When rebuilding your car’s engine, one of the most critical times for engine wear is at first startup. After an engine has been completely assembled, motor oil has not had a chance to circulate throughout the motor and coat all of the wear surfaces until after the motor has been turned. While the motor can be primed slowly by hand, but even turning a motor at low speed when the components are dry can cause unnecessary wear on the engine components.
The best solution to this problem is to apply engine assembly lube to critical wear surfaces during assembly. While there are varying opinions on where to use it, common places tend to be camshaft lobes, rod and main bearings, cam bearings, rocker arms, lifters, and other surface where metal rubs on metal. Some people will argue that a heavy motor oil can be used in place of engine assembly lube, however motor oil doesn’t tend to adhere to these critical surfaces for extended time as well as assembly lube which means using motor oil can still leave some parts susceptible to wear.
There are some other advantages to using assembly lube as well. For some of us, an engine build can be completed in a day. For others, it may take weeks or months to accumulate and assemble all of the parts due to certain rare parts being unavailable or due to the time constraints of the mechanic. One potential concern about assembling an engine over a long period of time is corrosion. Applying engine assembly lube can prevent parts from rusting as you are building up your engine. Even a little bit of surface rust on these parts an cause significant long term problems for your engine and threaten to reduce its lifespan so it’s best to prevent this from the beginning.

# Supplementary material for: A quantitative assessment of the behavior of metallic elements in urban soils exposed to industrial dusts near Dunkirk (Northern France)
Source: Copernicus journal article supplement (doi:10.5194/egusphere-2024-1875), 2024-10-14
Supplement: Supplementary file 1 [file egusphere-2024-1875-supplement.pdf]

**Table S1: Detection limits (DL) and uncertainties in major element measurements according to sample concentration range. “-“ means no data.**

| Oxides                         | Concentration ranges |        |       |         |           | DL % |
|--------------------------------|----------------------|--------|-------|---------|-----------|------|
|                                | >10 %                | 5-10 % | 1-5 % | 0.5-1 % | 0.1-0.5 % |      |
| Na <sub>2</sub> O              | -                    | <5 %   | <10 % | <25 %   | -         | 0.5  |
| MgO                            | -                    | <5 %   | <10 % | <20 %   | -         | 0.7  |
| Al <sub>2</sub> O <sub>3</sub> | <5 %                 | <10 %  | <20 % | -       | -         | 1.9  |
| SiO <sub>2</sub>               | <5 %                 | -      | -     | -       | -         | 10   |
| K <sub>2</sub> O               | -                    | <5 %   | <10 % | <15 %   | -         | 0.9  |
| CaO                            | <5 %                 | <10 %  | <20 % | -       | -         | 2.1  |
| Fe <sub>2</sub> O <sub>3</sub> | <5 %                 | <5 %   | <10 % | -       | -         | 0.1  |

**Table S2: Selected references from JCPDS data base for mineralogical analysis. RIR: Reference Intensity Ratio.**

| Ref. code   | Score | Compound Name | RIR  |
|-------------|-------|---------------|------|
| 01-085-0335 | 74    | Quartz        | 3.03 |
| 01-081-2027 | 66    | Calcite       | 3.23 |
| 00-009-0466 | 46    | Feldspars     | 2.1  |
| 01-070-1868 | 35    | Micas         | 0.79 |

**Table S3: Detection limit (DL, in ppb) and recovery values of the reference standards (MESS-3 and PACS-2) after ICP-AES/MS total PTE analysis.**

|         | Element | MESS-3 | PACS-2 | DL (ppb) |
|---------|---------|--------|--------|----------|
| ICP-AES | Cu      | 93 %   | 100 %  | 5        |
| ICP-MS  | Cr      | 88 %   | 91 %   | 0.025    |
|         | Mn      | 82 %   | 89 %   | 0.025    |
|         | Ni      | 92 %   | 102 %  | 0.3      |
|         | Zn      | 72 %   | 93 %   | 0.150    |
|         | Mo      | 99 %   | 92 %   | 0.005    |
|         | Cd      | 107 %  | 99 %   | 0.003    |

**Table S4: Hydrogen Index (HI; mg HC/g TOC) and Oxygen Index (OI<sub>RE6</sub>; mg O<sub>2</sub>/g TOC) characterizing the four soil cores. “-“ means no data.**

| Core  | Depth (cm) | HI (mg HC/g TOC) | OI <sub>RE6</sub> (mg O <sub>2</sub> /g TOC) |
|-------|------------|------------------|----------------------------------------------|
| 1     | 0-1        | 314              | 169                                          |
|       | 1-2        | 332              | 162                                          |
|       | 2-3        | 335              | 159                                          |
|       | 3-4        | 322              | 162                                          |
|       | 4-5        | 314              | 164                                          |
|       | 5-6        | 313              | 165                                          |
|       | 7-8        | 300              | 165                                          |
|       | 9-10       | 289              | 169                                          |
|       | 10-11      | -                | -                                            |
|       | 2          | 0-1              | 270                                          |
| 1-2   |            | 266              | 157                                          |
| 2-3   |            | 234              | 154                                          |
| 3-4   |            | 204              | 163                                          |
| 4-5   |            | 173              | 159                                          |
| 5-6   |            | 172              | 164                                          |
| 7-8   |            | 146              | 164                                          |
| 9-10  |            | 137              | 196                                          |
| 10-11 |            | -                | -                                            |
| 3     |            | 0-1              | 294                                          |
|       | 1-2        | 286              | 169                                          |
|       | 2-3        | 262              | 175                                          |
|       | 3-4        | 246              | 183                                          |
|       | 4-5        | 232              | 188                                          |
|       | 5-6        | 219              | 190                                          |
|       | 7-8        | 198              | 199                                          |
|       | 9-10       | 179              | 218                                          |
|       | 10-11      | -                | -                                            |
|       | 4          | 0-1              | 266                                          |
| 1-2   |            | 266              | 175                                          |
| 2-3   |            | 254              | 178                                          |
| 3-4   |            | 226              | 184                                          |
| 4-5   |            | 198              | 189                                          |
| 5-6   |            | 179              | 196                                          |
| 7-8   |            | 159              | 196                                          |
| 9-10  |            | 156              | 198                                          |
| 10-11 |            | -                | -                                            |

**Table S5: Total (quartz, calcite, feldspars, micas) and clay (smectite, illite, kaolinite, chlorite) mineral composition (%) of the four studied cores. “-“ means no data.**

A final note about engine assembly lubes in general is that due to their high viscosity, if applied incorrectly they can actually work to inhibit oil flow into critical areas in much the same way that improperly used radiator stop leak can create flow issues with your cooling system. To prevent this, the best engine assembly lubes dissolve in oil such that they break down once oil starts to flow so you’ll want to make sure that you get an engine assembly lube with this property to protect your engine.
The Best Engine Assembly Lube
When it comes to choosing the best engine assembly lube, this is not a time to cheap out to try to save a couple bucks. While Lucas, Royal Purple, and Permatex make decent products, our favorite assembly lube is Redline’s Liquid Assembly Lube, which we have found to be easier to apply than your average paste or grease type lubes. While a lower viscosity compared to grease would intuitively not stick to components as well, Redline has engineered this lube to maximize film strength to maintain outstanding adhesion to all the parts you are trying to protect.
The Redline dissolves in oil and will thus not clog your filter or oil jackets once you have run your motor. Additionally, per Redline it is safe for use on a variety of parts including cams, valvetrain components, pistons and cylinder bores, bearings, etc. Furthermore, it is equally at home in your engine as it is in your transmission or differential so you can use it to rebuild multiple different drivetrain components.
To give you an idea of the caliber of Redline products, they are often used in cars that race in the highest forms of the sport: Formula 1, NASCAR, and World Rally Championship (WRC). As such, this engine assembly lube would make an ideal fit for every type of car motor ranging from a Honda Fit to a Porsche GT2.
As far as where to buy, Amazon.com typically has a price that is highly attractive. Combining that with the fact that sometimes Redline is hard to find in local auto parts stores makes Amazon the best place to start. Overall we rate the Redline Liquid Assembly Lube as the best engine assembly lube available, but feel free to take a look at other similar products by clicking here should it not quite suit you needs. Happy wrenching!